- Individual assignments where you will read literature, watch videos, and do exercises on your own. These assignments are an essential part of the learning and most of them count for getting the certificate. They are meant to introduce or deepen knowledge and make the link between theory and your own situation. These assignments are reviewed either by peers or facilitators.
In some, but not all courses we go on virtual field visits – showing you ‘live’ situations in the field, or with companies or organisations that we collaborate with. We offer coaching trajectories where we support you one-on-one or in small groups to review your individual learning paths in the course and help with any basic questions you may have.
Online platforms: Zoom and TalentLMS
Internet connection is important for the completion of the course. Not sure about the connection in your area? Send firstname.lastname@example.org an e-mail about your situation.
We use Zoom as a facilitating platform for all our online courses. Our courses take place in general over a 6-8 week period to make the workload and time you spend online manageable.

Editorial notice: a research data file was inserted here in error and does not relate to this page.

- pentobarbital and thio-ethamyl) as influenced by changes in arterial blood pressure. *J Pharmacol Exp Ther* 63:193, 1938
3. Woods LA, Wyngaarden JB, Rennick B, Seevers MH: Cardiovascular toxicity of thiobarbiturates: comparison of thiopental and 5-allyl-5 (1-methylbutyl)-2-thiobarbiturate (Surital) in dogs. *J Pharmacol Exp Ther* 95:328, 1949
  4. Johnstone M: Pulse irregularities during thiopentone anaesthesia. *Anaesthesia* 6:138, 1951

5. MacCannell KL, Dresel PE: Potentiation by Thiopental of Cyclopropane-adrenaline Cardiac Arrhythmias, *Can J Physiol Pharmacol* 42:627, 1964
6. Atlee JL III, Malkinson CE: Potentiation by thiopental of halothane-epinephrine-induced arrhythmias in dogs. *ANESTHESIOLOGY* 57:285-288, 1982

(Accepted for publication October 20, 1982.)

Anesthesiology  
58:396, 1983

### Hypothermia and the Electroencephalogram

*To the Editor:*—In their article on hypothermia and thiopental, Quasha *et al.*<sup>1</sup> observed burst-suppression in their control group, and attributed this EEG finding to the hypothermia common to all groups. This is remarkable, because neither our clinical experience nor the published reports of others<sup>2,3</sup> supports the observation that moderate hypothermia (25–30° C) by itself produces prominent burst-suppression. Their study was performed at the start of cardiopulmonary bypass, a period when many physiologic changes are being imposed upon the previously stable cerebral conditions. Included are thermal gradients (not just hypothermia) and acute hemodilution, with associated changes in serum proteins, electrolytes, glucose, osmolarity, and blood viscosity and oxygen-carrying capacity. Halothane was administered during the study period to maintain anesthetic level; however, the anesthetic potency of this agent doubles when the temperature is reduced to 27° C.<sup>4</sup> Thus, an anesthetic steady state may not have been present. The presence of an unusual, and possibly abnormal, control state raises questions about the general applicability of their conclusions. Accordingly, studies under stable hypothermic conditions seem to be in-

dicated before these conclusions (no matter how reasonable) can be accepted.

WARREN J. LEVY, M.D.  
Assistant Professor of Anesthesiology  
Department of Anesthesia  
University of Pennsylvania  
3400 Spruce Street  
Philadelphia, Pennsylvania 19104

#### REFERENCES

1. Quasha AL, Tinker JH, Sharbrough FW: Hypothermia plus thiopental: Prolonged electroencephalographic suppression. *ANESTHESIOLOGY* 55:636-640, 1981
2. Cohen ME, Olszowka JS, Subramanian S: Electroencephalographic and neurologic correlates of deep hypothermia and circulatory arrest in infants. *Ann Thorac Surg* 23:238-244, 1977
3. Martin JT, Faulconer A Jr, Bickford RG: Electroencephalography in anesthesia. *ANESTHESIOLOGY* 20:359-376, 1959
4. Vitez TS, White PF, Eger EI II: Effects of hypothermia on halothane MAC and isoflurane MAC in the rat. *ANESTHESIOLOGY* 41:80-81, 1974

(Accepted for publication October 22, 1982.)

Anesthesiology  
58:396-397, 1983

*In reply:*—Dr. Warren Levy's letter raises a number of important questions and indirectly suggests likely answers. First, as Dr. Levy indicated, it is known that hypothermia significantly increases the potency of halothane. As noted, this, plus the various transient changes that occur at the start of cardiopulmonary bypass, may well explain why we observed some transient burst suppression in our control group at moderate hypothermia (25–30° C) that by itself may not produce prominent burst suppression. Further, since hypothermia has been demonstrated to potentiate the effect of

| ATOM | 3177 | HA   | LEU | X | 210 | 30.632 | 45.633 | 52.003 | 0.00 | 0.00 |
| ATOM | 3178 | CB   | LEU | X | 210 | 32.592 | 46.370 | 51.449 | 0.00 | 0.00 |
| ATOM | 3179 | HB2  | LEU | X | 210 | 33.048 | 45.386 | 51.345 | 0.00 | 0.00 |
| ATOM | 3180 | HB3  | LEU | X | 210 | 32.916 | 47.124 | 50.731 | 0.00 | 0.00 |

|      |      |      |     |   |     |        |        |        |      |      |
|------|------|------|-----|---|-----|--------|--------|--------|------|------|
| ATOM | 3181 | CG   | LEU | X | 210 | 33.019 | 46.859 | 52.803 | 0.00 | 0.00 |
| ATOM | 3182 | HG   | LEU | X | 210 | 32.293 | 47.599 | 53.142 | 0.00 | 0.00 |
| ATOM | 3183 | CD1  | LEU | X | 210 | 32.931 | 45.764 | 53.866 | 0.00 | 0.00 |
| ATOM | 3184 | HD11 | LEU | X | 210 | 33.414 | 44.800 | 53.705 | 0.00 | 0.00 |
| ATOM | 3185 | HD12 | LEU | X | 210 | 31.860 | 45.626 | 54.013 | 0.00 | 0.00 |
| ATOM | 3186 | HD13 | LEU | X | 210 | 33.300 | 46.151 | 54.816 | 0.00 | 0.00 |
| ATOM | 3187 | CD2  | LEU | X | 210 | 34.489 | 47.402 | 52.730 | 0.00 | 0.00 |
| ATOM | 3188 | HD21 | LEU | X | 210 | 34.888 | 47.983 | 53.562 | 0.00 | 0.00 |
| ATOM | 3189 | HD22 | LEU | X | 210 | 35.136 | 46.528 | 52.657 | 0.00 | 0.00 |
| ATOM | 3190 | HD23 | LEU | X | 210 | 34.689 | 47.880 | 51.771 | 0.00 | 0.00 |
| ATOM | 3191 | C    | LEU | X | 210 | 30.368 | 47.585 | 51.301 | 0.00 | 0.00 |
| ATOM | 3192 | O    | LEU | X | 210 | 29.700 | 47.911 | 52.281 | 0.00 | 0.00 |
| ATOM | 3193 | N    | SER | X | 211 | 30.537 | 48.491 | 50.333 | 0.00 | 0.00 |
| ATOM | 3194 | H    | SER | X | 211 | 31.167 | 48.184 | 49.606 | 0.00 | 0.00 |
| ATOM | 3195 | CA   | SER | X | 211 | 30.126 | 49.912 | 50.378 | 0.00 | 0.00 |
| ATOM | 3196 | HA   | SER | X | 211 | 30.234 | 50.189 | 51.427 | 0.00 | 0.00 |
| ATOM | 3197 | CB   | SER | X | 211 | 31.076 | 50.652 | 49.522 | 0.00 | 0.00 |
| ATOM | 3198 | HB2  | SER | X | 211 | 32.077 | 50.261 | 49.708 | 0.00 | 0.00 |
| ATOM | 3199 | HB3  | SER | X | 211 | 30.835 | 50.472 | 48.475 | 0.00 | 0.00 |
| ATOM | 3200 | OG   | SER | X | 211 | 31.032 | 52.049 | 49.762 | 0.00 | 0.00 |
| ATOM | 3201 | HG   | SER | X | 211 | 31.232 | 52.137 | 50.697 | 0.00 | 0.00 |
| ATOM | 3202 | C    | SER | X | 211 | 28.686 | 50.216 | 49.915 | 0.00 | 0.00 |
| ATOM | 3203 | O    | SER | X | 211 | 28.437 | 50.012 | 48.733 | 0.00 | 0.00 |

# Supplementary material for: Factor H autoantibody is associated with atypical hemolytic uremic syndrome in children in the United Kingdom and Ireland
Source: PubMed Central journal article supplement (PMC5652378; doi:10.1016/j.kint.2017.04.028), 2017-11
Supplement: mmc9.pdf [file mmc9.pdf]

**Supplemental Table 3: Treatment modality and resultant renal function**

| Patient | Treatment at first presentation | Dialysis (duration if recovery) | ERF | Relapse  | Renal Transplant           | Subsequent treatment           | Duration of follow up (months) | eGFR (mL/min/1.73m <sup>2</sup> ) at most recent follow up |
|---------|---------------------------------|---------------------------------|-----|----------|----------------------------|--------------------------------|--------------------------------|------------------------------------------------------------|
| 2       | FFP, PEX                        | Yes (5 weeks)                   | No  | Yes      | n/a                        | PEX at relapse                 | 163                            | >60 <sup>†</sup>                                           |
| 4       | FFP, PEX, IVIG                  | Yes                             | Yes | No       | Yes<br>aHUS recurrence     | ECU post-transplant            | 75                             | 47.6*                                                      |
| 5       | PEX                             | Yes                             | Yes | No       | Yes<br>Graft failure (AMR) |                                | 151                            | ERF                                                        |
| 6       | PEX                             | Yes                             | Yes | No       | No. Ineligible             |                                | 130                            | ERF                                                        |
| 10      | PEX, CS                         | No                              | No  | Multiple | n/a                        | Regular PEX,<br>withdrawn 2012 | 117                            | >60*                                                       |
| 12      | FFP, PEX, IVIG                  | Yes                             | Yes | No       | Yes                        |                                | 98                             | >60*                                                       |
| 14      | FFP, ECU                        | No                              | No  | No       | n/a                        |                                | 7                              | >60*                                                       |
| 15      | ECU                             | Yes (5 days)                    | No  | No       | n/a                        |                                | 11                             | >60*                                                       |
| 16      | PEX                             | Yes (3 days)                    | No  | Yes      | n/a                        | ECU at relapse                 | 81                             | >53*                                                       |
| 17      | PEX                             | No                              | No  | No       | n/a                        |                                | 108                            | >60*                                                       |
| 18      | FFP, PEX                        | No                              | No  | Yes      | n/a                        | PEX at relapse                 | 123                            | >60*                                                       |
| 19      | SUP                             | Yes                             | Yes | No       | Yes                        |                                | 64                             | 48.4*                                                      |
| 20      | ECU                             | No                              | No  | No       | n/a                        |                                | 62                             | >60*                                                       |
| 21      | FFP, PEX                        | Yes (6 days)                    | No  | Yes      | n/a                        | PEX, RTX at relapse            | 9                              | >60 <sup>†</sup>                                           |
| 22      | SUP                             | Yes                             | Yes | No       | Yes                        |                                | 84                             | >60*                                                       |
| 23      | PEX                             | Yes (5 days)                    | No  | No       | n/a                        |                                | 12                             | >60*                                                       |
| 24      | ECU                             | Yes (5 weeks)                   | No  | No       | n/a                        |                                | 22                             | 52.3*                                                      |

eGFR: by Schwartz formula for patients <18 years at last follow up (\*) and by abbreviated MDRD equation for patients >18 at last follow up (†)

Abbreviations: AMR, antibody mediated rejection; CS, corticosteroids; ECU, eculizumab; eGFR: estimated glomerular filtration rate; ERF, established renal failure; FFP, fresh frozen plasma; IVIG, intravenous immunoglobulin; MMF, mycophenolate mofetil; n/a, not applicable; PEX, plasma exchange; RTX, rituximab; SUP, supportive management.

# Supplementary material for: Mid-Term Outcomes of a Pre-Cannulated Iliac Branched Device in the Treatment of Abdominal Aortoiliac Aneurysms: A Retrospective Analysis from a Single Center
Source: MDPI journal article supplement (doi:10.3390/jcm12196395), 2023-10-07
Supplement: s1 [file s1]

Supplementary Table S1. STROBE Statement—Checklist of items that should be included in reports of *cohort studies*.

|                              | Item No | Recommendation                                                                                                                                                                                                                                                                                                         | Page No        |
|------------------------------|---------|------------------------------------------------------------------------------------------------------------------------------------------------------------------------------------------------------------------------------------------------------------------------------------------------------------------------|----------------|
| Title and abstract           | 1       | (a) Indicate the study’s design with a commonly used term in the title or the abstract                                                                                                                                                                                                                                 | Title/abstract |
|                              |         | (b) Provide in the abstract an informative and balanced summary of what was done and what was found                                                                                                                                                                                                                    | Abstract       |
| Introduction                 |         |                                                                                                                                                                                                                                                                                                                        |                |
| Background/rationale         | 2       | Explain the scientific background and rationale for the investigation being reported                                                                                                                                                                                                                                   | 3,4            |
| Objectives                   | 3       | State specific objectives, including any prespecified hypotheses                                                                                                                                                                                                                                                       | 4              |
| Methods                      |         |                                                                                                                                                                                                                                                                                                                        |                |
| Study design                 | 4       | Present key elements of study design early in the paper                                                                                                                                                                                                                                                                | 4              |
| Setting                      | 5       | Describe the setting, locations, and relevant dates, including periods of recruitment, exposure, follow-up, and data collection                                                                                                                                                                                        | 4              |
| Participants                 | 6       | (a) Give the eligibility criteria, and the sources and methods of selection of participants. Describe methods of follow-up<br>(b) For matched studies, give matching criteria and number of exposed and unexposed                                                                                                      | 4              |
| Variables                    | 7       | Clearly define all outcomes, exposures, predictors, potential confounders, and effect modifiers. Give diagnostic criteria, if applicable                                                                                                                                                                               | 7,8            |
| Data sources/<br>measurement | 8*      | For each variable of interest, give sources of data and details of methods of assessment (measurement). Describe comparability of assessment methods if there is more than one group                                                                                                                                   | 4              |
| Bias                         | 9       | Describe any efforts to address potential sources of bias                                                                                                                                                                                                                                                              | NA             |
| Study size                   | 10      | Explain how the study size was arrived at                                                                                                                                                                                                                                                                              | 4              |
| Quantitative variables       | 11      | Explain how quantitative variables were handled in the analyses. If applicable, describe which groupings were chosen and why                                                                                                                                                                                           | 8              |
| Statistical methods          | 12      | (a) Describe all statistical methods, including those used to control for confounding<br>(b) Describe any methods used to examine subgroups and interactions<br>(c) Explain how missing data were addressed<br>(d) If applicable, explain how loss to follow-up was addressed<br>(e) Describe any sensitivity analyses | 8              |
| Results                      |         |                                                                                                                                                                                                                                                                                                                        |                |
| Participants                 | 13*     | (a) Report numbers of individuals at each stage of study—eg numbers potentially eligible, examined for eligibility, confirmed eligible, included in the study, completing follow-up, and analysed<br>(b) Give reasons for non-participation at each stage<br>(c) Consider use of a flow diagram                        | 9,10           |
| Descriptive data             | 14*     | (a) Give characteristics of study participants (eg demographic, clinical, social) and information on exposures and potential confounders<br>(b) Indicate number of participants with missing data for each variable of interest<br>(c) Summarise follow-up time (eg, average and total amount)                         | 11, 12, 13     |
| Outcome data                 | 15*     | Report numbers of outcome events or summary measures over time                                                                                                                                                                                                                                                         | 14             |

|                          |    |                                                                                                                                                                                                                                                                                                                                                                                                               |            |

Our online learning system is TalentLMS. Everything you need — our course programme, chatrooms, assignments, background information are in this system. TalentLMS is easy to operate, can also be accessed by your phone and has an on-and offline functionality. We even organise a technical check-in before the course starts, to test your facilities and get familiar with the tools.
Course planning and certificates
The course workload is approximately 16-20 hours a week (2-2.5 workdays).
The exact programme of your course will be available 2-3 weeks before the start of the course. If you’ve successfully completed your course we send you a digital certificate.